A lot has been said about this year's CPAC conference -- which wrapped up this weekend -- but one thing that few have noted is the toned-down nature of the religious lunacy. It was still the Crazy People's Action Committee, but the craziness has shifted focus. Feverish warnings of God's judgment have been replaced with feverish warnings of creeping socialism -- which, in CPAC World is synonymous with communism, which in turn equals fascism. That fascism was an anti-communist movement is lost on these people since, let's face it, the audience they're speaking to are as ignorant as they are crazy. Where CPAC used to be a gathering of religious nutjobs, it's now become a gathering of people like Joe the Plumber.
So I guess the good news is that if you ever needed proof the conservative movement was abandoning the religious right in droves, I give you the 2009 CPAC conference. The bad news is that this doesn't mean they're any saner. Not that the movement conservatives have moved away from the religious right entirely -- you can still find groups claiming that homosexuality can be "cured" with prayer -- but it's clear that they're no longer front and center in that movement.
Still, as the lunacy shifts focus, it becomes no saner nor closer to the mainstream. Mitt Romney, for example, won the conference's straw poll -- making it two consecutive wins for Mittens. After winning last year's poll, Willard went on to fail to buy the Republican primary with masive infusions of his own money. Clearly, CPAC doesn't represent even the mainstream among Republican voters.
But the real news comes from a split in the movement. On one side, there's Newt Gingrich, who argues that conservatives need to offer better policies (while, in actuality, offering recycled ideas from the past).
Meanwhile, the Pasha of GOPerstan -- Rush Limbaugh -- disagrees. Conservatives don't need better ideas. In fact, that's crazy talk. Not surprisingly, the nation's leading reactionary advocates a reactionary strategy. "Well, the one thing, and there are many, but one thing that we can all do is stop assuming that the way to beat them is with better policy ideas right now," Rush said. "I don’t want to name any names. It’s not the point. But I talk to people about the Obama budget or the Obama Porkulous bill or whatever else TARP 2 whatever it’s going to be, and they start talking to me in the terms of process and policy. I say stop it."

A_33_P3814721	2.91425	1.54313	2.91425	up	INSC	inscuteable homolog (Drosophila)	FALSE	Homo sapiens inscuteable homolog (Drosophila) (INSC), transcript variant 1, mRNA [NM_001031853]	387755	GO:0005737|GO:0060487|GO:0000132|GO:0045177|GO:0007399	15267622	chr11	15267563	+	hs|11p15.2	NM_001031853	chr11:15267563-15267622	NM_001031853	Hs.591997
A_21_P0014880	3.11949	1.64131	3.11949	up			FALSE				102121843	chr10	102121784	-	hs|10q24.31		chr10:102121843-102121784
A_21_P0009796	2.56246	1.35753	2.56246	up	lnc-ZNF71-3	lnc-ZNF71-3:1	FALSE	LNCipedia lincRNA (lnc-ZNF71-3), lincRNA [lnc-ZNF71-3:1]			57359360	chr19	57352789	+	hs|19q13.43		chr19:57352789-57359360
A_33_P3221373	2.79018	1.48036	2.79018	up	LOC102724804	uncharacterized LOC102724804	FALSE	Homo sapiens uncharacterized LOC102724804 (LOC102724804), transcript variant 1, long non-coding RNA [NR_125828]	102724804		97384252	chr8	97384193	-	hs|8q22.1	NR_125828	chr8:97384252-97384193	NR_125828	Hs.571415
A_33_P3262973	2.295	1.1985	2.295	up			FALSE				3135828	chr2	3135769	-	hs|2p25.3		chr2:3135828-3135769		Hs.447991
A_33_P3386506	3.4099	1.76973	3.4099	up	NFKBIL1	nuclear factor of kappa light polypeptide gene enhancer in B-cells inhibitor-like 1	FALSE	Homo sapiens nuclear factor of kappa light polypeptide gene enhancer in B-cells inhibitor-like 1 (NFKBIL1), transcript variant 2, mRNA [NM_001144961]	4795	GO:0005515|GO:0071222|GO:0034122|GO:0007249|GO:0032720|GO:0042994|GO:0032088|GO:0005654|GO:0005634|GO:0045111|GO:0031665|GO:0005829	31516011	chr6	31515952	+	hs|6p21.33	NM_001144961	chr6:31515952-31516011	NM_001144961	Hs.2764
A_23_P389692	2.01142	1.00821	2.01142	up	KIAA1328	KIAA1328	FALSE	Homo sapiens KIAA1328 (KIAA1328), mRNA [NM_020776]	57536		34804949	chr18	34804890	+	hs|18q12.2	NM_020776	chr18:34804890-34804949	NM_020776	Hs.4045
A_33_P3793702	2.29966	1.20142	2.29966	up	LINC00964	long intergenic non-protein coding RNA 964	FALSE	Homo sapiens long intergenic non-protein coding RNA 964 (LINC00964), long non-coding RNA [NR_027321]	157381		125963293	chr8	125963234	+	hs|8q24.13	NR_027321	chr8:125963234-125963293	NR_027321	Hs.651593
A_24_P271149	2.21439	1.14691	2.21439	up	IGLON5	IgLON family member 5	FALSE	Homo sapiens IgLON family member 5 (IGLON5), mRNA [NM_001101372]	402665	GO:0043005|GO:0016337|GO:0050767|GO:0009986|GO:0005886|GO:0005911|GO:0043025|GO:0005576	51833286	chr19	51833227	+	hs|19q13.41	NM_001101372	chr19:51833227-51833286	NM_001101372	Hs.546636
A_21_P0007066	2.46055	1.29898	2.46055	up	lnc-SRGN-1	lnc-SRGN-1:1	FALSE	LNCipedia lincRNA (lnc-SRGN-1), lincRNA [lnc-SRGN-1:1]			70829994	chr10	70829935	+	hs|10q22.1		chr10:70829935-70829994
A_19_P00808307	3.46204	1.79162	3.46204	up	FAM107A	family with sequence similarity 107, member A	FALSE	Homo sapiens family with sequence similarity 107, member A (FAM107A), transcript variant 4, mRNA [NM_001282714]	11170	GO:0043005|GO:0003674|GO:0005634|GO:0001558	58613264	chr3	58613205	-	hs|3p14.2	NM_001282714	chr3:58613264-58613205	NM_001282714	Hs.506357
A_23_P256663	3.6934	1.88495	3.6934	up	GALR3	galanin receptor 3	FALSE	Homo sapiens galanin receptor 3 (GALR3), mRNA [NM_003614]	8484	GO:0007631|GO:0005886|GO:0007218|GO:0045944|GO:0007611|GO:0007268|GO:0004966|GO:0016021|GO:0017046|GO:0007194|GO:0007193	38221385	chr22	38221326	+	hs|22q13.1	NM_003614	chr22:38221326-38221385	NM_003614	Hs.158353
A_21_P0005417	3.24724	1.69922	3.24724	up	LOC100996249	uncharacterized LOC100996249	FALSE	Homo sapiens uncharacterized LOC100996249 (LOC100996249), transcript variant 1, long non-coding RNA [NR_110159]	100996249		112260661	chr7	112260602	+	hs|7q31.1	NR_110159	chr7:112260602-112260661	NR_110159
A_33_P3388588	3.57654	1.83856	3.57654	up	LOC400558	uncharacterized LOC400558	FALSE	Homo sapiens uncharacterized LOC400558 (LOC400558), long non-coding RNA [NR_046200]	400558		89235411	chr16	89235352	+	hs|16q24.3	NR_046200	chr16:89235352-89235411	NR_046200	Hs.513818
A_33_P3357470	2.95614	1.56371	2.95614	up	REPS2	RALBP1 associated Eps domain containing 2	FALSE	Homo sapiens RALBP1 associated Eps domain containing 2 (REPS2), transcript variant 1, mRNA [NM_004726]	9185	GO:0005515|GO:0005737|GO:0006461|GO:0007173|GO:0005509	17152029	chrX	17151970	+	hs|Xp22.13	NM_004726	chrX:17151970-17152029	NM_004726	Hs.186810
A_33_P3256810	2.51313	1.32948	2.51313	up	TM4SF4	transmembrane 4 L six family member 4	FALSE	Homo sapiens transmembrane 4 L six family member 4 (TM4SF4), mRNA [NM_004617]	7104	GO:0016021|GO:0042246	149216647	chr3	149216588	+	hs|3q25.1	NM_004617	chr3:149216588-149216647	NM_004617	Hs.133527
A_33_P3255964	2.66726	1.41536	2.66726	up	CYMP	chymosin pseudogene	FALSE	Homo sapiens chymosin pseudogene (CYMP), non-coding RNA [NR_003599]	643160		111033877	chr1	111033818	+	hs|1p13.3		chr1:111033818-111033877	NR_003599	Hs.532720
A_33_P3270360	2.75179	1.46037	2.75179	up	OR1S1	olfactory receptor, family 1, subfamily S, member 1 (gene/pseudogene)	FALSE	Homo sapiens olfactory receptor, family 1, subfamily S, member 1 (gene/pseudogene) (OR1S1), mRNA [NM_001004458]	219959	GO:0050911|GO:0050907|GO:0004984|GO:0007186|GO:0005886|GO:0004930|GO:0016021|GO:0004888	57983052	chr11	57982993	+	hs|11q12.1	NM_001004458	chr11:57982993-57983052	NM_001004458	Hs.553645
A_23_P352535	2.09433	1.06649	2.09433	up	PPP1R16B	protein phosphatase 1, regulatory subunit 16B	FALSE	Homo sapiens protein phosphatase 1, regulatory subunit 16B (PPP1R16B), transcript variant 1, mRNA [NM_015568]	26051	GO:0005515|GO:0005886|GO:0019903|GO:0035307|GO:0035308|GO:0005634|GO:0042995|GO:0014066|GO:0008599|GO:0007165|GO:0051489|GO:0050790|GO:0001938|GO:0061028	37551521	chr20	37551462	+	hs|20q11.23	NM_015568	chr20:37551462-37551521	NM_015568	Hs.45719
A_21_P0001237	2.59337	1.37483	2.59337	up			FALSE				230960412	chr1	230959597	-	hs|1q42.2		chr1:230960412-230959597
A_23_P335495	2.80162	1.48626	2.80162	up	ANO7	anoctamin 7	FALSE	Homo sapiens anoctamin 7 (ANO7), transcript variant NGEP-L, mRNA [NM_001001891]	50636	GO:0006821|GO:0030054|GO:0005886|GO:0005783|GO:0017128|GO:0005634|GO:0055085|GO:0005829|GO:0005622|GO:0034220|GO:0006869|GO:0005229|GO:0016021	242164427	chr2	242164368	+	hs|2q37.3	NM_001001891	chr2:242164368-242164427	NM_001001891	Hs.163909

Don't talk about policy, don't talk about governing. Who needs ideas? You just stand against everything that voters gave government a mandate to do in the last two elections, then watch a grateful populace sweep you back into power.
Like I said, the Crazy People's Action Committee.
This is where the Republican party finds itself these days. It doesn't actually stand for anything, it just stands against things. It's been developing for a long, long time, this self-definition by what they oppose. You could probably trace it back to the redbaiting from the '50s. That list of things they oppose has grown over the years; abortion, gays, immigrants, Muslims, environmentalists, the secular-minded, science, liberals, taxes, peaceniks, feminists, the poor, college professors, intellectuals, the United Nations, France, people who say "happy holidays" instead of "merry Christmas," etc. How do you know when you're right? When you disagree with someone from that long list. Follow your jerking knee.
In other words, Rush is advocating that the GOP become the backseat driver -- because everyone likes that so much. Criticize, oppose, but never, ever offer a legitimate alternative. Better ideas are for chumps.
Of course, Limbaugh's strategy offers no way forward. Successful obstructionism means no progress whatsoever. It means getting your truck stuck in a ditch. This is the base's version of success -- a sort of forced stasis.
I've always said that when a conservative talks about change, it means they want to change things back. In right wing world, things used to be perfect, until liberals came along and screwed with everything. Change has always been bad, so American society should be unchanging -- like a fly trapped in amber. No forward movement should ever be allowed.
If the Crazy People's Action Committee conference has showed us anything, it's that the conservative base has absolutely nothing in common with the average voter. They may have shifted away from the religious right, but they're still the same distance from the center as they've always been. The Republican party continues to court the fringe at the expense of the majority and that can't possibly work out well for them in the long run.